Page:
Apparently if you look very closely at this video of Discovery lifting off (click on "WB-57 Chase Plane Video"), about 50 seconds in you'll see a white puff of cloud form around the shuttle. I watched the video myself and can't quite spot it, but I've been assured it's there -- it's just that the video is really shaky. Anyway, the cloud is caused by the deeply cool Prandtl-Glauert Singularity -- a sudden, supercold pocket of air generated by a wing that is moving at near the speed of sound.
The clouds appear for the same reason that clouds always form, namely, that the air has cooled to the point that the ambient water vapor condenses. Flows around bodies and wings always change the temperature and pressure of the fluid ... At speeds near that of sound, the temperature and pressure variations occurring at every speed can also be exaggerated in steady level flight. The mechanism for this near-sonic exaggeration of the temperature variations is the so-called Prandtl-Glauert singularity which requires that pressure and temperature perturbations approach ±¥ as the flight speed approaches the ambient sound speed.
Someone once told me that just before the Concorde broke the sound barrier, if passengers looked out the window they could "see" sound waves forming along the wings. That's got a lovely poetry to it, but it's not true: What Concorde passengers were seeing were Prandtl-Glauert condensation clouds.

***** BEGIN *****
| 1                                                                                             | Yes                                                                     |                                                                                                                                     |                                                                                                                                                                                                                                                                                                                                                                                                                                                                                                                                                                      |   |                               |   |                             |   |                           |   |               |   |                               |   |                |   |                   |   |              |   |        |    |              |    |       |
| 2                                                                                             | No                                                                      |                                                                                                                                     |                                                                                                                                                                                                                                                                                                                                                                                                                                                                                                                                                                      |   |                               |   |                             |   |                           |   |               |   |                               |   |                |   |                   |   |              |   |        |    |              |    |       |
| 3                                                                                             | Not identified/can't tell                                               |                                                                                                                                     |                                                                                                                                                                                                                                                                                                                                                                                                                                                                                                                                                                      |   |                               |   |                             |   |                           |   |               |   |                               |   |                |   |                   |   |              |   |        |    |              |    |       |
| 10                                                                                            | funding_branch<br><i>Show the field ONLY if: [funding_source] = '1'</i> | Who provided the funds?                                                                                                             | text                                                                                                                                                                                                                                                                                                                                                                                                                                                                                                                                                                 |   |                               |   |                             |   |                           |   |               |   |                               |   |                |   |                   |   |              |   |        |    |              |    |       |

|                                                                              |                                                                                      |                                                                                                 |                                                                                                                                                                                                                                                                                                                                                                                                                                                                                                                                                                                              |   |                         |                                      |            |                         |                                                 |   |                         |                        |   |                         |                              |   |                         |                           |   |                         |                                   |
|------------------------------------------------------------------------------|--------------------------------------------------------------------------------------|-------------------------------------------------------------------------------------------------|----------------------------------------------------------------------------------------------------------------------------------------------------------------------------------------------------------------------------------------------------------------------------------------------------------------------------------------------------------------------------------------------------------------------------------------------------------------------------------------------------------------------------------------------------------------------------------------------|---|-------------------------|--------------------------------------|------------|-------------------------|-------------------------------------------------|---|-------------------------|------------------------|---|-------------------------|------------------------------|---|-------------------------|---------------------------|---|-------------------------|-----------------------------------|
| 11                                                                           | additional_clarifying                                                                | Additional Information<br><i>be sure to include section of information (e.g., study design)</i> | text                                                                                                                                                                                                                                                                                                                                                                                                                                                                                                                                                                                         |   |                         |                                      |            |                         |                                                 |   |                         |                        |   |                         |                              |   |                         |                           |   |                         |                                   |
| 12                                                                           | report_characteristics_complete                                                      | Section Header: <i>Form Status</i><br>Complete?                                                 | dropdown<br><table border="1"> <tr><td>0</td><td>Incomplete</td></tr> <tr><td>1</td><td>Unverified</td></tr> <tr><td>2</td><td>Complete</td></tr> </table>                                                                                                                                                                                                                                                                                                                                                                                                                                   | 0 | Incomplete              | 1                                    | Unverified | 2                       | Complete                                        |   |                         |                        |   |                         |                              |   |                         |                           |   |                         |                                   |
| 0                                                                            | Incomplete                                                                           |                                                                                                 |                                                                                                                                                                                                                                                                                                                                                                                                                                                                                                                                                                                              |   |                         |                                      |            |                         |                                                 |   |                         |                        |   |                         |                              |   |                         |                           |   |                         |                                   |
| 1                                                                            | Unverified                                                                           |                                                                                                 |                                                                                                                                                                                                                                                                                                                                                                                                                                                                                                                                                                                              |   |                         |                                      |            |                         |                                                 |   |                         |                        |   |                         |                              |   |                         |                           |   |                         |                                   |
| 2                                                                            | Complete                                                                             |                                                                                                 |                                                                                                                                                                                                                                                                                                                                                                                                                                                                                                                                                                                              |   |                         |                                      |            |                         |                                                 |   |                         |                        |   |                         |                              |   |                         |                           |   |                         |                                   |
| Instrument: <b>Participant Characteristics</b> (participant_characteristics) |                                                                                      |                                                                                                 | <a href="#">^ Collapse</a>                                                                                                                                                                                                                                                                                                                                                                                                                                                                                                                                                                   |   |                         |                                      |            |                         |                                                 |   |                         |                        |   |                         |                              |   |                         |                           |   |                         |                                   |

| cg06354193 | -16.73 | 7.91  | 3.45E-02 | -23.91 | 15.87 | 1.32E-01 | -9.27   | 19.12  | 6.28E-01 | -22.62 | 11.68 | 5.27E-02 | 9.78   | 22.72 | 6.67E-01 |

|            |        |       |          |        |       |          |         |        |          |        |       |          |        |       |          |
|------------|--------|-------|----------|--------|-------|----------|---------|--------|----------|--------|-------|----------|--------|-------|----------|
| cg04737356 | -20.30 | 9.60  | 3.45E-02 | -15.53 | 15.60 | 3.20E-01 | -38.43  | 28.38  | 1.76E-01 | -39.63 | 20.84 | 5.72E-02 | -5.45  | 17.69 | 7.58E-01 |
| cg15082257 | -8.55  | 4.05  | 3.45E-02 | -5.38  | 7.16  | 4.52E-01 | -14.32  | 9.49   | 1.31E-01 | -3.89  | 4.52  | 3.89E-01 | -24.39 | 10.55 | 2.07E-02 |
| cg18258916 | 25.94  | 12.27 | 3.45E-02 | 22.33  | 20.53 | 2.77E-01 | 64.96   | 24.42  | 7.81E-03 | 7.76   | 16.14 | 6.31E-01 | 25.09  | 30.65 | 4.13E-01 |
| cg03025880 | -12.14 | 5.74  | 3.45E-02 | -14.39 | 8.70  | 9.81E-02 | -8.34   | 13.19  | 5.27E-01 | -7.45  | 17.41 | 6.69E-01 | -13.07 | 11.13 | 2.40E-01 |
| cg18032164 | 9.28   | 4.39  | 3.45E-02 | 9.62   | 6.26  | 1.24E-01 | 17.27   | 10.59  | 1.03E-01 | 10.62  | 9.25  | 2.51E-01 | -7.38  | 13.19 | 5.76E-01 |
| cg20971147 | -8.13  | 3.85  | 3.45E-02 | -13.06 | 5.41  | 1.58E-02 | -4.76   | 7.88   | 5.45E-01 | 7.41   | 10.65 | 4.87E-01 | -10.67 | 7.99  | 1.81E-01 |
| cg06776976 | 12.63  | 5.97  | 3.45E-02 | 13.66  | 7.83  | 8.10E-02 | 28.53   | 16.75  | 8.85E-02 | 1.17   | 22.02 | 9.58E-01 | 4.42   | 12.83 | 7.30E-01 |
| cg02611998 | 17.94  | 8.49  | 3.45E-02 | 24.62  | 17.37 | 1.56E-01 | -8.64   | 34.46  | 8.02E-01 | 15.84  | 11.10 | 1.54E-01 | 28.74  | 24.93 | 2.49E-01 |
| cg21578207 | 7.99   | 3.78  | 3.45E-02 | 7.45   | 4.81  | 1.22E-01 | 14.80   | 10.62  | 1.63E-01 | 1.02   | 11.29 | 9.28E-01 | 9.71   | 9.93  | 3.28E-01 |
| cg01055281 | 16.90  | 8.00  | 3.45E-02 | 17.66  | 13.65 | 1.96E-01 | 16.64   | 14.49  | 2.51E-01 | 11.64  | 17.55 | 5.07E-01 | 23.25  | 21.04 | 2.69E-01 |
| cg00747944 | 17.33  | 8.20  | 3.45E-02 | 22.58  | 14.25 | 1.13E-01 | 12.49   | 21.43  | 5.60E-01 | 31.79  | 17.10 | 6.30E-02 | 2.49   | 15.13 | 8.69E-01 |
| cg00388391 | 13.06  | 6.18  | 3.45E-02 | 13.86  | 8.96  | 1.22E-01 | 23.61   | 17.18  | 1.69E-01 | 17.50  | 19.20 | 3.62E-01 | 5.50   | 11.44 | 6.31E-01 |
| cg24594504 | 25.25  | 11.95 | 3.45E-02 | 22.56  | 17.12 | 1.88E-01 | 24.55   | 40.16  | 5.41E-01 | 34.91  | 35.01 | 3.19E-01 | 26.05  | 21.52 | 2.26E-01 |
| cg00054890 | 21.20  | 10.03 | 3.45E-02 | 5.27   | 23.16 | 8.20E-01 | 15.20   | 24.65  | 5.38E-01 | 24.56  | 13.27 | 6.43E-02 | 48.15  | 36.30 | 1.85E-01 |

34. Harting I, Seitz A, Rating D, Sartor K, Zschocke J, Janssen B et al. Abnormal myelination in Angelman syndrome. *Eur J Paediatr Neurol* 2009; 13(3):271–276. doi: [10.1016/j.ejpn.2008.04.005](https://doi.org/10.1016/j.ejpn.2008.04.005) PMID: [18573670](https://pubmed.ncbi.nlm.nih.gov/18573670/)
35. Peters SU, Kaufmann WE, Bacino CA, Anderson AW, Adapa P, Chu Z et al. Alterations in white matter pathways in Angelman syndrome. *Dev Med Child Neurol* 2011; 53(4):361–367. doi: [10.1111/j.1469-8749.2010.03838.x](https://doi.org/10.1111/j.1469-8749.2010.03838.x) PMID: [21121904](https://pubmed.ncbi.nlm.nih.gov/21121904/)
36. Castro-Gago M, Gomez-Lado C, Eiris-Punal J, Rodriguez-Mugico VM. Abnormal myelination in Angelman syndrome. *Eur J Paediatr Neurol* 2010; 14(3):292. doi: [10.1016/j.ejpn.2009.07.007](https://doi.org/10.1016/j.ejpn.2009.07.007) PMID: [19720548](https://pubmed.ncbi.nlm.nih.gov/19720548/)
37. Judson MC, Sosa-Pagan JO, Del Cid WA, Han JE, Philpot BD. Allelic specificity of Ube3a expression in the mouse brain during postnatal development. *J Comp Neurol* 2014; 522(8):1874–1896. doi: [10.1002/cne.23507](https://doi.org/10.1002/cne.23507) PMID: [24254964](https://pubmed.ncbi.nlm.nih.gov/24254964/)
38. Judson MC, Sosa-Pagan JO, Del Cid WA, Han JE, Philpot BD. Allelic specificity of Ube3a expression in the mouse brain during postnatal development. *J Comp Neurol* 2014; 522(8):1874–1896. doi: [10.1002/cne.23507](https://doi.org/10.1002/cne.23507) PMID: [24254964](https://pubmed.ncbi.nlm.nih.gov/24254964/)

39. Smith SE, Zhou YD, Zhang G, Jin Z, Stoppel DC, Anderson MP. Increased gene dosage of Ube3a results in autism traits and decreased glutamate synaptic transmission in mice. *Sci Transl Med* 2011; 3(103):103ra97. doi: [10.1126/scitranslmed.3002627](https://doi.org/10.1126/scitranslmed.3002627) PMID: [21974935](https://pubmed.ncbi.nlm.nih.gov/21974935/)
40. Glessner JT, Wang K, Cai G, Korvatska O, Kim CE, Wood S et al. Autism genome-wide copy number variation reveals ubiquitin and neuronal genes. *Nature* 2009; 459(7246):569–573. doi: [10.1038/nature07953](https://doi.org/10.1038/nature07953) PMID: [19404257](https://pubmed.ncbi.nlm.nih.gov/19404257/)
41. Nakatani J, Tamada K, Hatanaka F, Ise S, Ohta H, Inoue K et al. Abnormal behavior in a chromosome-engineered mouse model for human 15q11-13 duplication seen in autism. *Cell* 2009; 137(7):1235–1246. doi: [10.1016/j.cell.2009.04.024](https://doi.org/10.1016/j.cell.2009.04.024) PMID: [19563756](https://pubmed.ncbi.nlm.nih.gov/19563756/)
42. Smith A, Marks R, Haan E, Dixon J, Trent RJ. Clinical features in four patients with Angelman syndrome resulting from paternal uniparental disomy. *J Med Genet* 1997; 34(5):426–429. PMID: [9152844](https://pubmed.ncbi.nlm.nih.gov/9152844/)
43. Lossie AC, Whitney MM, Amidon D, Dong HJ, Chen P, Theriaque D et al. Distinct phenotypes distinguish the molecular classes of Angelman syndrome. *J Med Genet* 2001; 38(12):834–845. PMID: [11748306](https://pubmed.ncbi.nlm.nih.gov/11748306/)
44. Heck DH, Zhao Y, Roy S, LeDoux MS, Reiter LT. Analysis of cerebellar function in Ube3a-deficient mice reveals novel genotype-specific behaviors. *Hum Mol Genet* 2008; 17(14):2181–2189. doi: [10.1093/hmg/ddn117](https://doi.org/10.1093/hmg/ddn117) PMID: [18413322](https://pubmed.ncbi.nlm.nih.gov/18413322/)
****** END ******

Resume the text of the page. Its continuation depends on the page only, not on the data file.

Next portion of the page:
(Thanks to Boing Boing for this one!)
(Thanks Clive, now back to mine:) Now of course this is incredibly interesting, since almost everyone I know who sees this image thinks it is an image of a sonic boom. Even more interestingly, colleagues of mine have started getting very interested in seeing sonic booms in RHIC collisions as a jet traverses the hot, dense medium we make there (as suggestedby the "triangular" emission patterns seen on the top right and lower left). Not to try and propose anything here, but could we be mistaking some sort of "condensation" effect with a shock wave? Of course, both of these phenomena are non-trivial consequences of objects interacting with a medium -- amazing in itself -- but perhaps it's a little premature to claim we really "understand" these new data. Then again, with Quark Matter coming up next week, I may well have my worldview rocked yet again.